TORONTO CONCERT REVIEWS

Music reviews of the finest concerts in Toronto:
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The Elora Festival Singers with Jim Bourne (continuo),

Christopher Sharpe (cello), and Noel Edison (conductor)
Photo Credit: David Richards​

Elora Festival Singers offer up transcendent choral works!

Conductor Noel Edison
Photo Credit: Greg Fess Photography ​

Toronto Concert Reviews in Toronto

The Toronto Mendelssohn Choir is celebrating Noel Edison’s 20th anniversary season. Edison, its current Artistic Director, is only the choir’s seventh conductor in a line of distinguished leaders since its founding in 1894. The Toronto Mendelssohn Choir has been fortunate over the years in finding eminent conductors who have each had long tenures. It was fitting that the Elora Festival Singers, the professional core of the TMC kick off the year’s festivities with its own program.


Yesterday, at Holy Trinity Church, next to the Eaton Centre and close to the noise and hubbub of marathoners completing their races at nearby Nathan Phillips Square, the ‘Singers’ presented a meditative programme of choral masterpieces.

Edison’s genius as Artistic Director lies not only in preparing his choir to an exceptional level of performance. He consistently finds music spanning five centuries that fits into a coherent package. Yesterday was no exception; each work was exquisite on its own, but the combination added up to a mystical experience.

Beginning with Palestrina’s Missa: Ut, Re, Mi, Fa, Sol, La the music soared in the ambient acoustics of the church. The six-part a capella mass offered plenty of exposed moments for each section of the twenty-member ensemble. It maintained a magnificent blend of voices in beautiful Italian Renaissance style throughout.

Canadian composer Jocelyn Morlock’s Exaudi for six-part choir and cello came next. Beginning with the religious chant “Hear my prayer”, the work transforms into a plaintive cry as the solo cello sings out in the upper registers of the instrument. Cellist Christopher Sharpe created both the right balance and the fear of death expressed in the music. In the climactic moments the glorious choral forces fill the church.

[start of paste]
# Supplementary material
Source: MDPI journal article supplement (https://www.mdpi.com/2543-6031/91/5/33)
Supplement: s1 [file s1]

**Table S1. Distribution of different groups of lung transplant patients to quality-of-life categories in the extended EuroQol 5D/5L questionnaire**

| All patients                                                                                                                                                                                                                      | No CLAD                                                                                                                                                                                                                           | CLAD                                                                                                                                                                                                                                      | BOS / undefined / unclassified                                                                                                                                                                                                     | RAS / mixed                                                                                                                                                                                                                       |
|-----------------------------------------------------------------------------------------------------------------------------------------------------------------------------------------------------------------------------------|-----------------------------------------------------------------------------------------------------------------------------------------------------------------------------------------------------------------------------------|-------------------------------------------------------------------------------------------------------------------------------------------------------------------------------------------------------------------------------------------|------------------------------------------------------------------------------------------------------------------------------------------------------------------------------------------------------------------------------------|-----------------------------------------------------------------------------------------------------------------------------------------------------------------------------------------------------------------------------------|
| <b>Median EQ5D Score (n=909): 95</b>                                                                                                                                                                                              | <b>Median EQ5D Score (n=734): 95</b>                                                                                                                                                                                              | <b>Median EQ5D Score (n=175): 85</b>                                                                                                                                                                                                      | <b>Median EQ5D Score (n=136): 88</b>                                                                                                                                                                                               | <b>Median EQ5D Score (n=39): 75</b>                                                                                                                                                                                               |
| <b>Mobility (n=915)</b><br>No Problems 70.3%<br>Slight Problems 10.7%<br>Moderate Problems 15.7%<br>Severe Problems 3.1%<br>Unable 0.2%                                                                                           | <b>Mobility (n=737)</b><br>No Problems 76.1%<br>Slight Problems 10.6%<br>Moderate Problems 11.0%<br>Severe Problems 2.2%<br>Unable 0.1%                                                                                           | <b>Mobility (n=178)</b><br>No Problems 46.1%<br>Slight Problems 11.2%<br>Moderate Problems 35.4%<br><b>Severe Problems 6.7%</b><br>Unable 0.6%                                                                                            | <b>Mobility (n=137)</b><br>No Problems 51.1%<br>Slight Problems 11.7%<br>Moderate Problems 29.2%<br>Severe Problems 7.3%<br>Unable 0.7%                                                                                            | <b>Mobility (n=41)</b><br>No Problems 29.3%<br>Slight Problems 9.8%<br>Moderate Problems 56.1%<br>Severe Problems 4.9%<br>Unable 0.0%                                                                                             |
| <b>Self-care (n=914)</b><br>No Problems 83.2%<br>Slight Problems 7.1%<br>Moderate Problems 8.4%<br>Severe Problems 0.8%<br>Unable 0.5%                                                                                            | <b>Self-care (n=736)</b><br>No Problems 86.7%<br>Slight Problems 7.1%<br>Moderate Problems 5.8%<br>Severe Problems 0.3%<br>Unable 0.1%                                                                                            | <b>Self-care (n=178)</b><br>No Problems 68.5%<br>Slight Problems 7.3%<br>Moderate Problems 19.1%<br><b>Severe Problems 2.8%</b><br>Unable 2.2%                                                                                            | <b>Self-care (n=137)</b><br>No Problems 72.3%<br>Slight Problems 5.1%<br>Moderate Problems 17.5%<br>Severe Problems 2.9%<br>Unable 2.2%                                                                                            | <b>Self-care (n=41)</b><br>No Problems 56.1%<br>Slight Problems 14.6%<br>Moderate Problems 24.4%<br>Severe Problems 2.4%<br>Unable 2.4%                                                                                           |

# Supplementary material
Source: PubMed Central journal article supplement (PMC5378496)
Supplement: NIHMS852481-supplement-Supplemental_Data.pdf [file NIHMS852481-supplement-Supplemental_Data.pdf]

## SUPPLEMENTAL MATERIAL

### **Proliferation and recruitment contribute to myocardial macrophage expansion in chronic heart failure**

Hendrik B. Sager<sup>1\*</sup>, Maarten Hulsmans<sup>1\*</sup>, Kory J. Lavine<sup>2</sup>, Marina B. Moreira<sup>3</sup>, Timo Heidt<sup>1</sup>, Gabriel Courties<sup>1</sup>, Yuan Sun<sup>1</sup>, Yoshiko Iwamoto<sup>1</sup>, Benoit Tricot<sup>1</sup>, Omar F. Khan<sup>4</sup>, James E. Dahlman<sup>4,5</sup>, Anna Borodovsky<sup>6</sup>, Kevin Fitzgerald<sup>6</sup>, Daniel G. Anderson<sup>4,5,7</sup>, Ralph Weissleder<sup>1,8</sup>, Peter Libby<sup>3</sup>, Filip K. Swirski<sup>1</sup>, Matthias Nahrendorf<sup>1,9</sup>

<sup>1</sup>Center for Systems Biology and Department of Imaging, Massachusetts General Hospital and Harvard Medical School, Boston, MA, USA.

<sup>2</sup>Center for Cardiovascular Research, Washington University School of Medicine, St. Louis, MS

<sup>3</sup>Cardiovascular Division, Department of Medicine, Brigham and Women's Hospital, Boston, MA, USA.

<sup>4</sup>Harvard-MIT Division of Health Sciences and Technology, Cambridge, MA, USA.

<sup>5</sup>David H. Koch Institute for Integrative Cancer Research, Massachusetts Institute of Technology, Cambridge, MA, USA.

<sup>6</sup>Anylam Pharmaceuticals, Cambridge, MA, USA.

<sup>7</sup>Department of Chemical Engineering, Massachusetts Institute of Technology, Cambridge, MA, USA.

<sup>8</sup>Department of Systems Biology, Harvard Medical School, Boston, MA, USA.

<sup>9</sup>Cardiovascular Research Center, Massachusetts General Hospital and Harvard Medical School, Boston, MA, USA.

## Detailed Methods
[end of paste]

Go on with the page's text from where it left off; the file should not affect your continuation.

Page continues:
The second half of the programme featured four additional contemporary works by British composer John Tavener and Estonian composer Arvo Pärt. These were followed by the famous motet Lobet den Herrn BWV 230 by J.S. Bach.

For me the highlights of the program were Taverner’s settings of William Blake’s famous poems from his Songs of Innocence and Experience. The sensuousness of The Lamb was immediately offset by the striking contrast of the ferociousness of The Tiger. These two works depict the complexity of God, the Creator. Pärt’s The Woman with the Alabaster Box and The Deer’s Cry were both thought provoking and musically satisfying in keeping with the meditative spirit of the afternoon.

J.S. Bach’s joyful Lobet den Herrn was a glorious finale. This difficult contrapuntal score with its conclusion of “Alleluia” transformed the meditative programme into one of jubilation and triumph for all: the Elora Festival Singers, its esteemed conductor Noel Edison, and the audience.

The full Toronto Mendelssohn Choir will next perform at Koerner Hall on Saturday November 5th in a performance of Mendelssohn’s Elijah, Op. 70. This twentieth anniversary season for Edison will include twelve different artistic programs including the subscription season concerts and guest performances with the Toronto Symphony Orchestra and others.

Review by David Richards
Toronto ON October 17th 2016